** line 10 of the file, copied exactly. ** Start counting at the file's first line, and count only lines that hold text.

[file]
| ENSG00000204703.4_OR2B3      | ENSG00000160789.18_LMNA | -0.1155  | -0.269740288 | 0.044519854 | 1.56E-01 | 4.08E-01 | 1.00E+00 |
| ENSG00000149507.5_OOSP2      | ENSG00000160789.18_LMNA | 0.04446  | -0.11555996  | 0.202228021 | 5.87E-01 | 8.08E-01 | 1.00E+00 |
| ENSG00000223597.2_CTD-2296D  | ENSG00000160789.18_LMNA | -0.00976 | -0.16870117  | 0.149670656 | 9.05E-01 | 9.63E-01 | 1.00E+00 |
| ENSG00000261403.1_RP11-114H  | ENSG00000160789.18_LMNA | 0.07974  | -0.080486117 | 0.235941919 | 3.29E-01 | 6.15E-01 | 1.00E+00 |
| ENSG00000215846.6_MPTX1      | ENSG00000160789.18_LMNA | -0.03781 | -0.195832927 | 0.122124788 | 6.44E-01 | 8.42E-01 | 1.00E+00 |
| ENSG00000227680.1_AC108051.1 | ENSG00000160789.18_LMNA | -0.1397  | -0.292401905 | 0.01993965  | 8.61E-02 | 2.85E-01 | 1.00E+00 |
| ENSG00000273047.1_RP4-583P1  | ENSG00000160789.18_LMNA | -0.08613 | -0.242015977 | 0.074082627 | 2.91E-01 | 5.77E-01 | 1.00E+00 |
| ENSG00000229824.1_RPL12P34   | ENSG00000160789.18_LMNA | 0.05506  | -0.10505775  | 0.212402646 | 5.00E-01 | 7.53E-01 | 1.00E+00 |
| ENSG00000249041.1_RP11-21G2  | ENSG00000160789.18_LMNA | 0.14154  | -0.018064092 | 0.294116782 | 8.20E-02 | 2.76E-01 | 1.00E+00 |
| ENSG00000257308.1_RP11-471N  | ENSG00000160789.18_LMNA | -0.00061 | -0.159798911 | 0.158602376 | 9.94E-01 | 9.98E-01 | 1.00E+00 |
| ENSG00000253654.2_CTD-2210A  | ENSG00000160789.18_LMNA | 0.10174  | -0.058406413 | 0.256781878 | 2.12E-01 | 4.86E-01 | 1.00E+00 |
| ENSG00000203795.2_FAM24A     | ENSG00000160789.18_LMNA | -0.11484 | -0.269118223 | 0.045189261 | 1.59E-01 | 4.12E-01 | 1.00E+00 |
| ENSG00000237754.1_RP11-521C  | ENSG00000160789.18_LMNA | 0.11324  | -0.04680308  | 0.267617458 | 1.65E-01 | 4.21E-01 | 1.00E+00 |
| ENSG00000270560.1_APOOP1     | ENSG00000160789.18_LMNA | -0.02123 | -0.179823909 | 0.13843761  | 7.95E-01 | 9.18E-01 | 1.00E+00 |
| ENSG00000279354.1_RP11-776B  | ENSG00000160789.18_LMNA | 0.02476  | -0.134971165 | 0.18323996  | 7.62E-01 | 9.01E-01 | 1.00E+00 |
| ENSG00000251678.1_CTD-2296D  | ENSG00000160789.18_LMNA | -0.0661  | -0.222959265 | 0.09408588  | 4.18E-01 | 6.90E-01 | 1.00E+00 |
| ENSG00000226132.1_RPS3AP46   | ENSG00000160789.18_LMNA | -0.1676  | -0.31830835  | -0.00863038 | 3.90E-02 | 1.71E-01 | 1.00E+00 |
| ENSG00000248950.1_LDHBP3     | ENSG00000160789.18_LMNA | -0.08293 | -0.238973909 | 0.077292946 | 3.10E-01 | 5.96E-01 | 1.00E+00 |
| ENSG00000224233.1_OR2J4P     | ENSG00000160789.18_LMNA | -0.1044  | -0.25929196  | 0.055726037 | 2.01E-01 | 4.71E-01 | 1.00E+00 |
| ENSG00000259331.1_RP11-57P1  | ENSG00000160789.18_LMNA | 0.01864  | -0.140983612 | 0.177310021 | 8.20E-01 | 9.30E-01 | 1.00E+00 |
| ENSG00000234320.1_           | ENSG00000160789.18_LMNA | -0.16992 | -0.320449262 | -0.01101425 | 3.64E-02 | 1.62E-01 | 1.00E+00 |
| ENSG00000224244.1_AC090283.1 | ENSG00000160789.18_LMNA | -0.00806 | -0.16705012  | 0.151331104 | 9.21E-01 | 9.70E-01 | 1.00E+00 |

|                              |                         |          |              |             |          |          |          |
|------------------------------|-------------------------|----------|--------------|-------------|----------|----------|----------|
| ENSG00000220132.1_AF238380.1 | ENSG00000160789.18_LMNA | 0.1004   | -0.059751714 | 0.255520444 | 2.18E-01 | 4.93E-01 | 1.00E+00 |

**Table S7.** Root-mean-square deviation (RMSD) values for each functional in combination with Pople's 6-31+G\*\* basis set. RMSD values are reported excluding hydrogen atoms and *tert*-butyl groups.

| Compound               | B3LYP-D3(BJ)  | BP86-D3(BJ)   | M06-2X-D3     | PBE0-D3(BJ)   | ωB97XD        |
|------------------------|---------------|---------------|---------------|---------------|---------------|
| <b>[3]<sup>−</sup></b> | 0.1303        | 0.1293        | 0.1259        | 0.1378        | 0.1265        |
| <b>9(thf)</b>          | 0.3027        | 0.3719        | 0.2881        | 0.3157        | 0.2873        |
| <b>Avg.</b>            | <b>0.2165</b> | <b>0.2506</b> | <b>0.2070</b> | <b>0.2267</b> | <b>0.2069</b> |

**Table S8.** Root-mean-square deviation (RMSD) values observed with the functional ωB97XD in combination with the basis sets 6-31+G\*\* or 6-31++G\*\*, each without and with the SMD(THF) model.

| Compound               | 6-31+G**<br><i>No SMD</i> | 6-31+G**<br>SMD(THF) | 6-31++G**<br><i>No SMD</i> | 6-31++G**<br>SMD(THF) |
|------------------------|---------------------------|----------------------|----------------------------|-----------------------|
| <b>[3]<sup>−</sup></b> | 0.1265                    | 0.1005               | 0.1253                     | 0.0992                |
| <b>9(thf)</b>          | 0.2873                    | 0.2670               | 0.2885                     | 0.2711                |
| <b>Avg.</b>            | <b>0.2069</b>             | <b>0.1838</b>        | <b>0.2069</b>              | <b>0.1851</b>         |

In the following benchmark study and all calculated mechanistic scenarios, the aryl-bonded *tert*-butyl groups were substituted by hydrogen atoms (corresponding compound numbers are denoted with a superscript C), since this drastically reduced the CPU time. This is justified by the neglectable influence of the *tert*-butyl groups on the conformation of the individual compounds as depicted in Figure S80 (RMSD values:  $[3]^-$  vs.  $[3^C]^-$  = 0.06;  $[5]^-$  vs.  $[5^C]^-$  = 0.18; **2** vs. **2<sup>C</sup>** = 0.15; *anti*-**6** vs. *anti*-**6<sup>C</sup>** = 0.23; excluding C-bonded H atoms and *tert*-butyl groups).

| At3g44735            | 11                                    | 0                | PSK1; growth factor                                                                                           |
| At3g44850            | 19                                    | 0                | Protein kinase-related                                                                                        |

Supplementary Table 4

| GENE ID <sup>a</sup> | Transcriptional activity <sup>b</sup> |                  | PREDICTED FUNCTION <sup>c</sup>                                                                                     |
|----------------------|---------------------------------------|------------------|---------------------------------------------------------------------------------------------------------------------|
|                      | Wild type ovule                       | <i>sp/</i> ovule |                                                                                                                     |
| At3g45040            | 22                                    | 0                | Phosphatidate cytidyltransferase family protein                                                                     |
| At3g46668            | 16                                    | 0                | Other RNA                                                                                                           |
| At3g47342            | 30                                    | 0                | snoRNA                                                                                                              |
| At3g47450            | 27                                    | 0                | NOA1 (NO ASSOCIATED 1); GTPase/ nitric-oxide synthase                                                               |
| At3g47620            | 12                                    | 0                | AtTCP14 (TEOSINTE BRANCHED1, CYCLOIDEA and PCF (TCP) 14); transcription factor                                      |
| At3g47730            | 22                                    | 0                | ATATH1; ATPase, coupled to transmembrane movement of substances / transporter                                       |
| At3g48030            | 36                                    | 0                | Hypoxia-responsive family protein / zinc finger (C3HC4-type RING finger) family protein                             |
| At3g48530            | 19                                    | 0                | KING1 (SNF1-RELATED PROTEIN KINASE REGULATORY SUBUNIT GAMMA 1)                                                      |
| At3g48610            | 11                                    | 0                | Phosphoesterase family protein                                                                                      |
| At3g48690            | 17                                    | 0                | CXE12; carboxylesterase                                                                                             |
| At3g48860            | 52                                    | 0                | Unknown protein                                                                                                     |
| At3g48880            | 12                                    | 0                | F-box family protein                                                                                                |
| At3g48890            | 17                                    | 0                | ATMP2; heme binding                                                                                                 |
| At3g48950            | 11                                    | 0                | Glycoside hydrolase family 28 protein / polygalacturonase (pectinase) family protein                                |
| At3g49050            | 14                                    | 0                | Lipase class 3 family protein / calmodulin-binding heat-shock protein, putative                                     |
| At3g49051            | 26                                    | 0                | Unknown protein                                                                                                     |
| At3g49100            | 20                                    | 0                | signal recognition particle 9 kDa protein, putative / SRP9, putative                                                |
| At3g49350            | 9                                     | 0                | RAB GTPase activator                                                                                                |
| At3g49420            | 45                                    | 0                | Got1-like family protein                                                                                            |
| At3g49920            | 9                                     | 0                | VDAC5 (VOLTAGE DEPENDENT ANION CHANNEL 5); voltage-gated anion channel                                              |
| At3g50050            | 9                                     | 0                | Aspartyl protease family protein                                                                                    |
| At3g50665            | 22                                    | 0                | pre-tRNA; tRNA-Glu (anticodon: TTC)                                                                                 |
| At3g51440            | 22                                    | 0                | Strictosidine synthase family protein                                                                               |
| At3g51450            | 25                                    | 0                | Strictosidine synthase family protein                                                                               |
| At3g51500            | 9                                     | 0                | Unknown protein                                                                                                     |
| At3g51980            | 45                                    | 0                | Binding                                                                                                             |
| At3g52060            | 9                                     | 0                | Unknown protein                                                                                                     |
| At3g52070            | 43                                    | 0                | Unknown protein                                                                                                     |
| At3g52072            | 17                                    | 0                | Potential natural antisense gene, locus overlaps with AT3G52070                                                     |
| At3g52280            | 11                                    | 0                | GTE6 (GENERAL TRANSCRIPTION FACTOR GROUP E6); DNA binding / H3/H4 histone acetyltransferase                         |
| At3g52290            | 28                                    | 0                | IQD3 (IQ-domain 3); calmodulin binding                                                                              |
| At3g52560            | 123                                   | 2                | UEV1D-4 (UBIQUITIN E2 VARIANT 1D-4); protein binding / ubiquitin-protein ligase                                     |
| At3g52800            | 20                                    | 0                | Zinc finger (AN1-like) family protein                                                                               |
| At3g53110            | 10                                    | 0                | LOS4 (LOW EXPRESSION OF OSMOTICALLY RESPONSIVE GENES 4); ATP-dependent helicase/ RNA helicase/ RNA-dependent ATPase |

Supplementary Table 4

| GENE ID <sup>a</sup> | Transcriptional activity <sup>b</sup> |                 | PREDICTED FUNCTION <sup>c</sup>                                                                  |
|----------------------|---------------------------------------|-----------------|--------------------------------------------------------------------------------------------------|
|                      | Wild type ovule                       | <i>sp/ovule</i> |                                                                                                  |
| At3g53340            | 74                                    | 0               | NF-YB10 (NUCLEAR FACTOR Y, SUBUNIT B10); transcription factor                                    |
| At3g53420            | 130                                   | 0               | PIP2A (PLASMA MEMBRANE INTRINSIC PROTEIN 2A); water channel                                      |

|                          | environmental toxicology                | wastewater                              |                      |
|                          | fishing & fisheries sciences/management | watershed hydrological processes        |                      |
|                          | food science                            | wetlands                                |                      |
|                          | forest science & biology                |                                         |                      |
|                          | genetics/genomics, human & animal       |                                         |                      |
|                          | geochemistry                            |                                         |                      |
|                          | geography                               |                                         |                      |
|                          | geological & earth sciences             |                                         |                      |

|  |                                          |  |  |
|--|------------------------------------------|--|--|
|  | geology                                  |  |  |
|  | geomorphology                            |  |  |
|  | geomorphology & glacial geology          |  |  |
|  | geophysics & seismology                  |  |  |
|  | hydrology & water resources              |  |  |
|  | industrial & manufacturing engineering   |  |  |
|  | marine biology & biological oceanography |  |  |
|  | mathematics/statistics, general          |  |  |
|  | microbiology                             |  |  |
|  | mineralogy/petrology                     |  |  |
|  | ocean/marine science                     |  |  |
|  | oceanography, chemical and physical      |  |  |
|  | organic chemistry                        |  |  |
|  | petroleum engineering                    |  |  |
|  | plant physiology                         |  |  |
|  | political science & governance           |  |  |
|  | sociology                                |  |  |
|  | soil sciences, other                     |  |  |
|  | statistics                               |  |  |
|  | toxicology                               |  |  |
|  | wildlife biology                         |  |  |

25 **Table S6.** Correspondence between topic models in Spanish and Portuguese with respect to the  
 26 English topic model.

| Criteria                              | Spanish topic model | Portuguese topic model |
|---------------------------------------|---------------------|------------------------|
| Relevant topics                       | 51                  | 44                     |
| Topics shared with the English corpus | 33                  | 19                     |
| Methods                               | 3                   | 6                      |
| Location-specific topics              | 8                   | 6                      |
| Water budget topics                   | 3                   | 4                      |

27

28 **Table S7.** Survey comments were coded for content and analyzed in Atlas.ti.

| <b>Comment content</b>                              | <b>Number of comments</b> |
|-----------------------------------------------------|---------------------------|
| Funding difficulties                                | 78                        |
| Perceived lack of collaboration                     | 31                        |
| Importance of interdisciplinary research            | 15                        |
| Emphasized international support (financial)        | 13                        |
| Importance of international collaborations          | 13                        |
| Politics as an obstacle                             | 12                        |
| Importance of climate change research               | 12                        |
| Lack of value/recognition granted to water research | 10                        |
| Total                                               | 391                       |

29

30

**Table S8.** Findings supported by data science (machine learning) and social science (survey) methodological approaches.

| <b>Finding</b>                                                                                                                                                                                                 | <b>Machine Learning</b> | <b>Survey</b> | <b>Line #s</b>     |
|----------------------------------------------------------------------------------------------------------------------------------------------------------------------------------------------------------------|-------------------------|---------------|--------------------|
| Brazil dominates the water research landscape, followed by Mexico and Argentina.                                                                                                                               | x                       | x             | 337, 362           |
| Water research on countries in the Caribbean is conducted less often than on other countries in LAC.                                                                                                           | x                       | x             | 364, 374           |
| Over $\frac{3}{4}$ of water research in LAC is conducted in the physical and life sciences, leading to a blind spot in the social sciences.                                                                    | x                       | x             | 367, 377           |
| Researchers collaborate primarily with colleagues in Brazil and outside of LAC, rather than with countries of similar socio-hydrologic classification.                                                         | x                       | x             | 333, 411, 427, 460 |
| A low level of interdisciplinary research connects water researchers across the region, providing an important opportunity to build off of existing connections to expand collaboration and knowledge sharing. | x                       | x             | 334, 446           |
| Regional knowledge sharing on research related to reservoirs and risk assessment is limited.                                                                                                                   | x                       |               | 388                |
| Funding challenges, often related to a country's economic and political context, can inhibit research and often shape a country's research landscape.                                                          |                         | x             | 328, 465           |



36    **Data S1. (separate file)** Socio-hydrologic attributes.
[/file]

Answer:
| ENSG00000257308.1_RP11-471N  | ENSG00000160789.18_LMNA | -0.00061 | -0.159798911 | 0.158602376 | 9.94E-01 | 9.98E-01 | 1.00E+00 |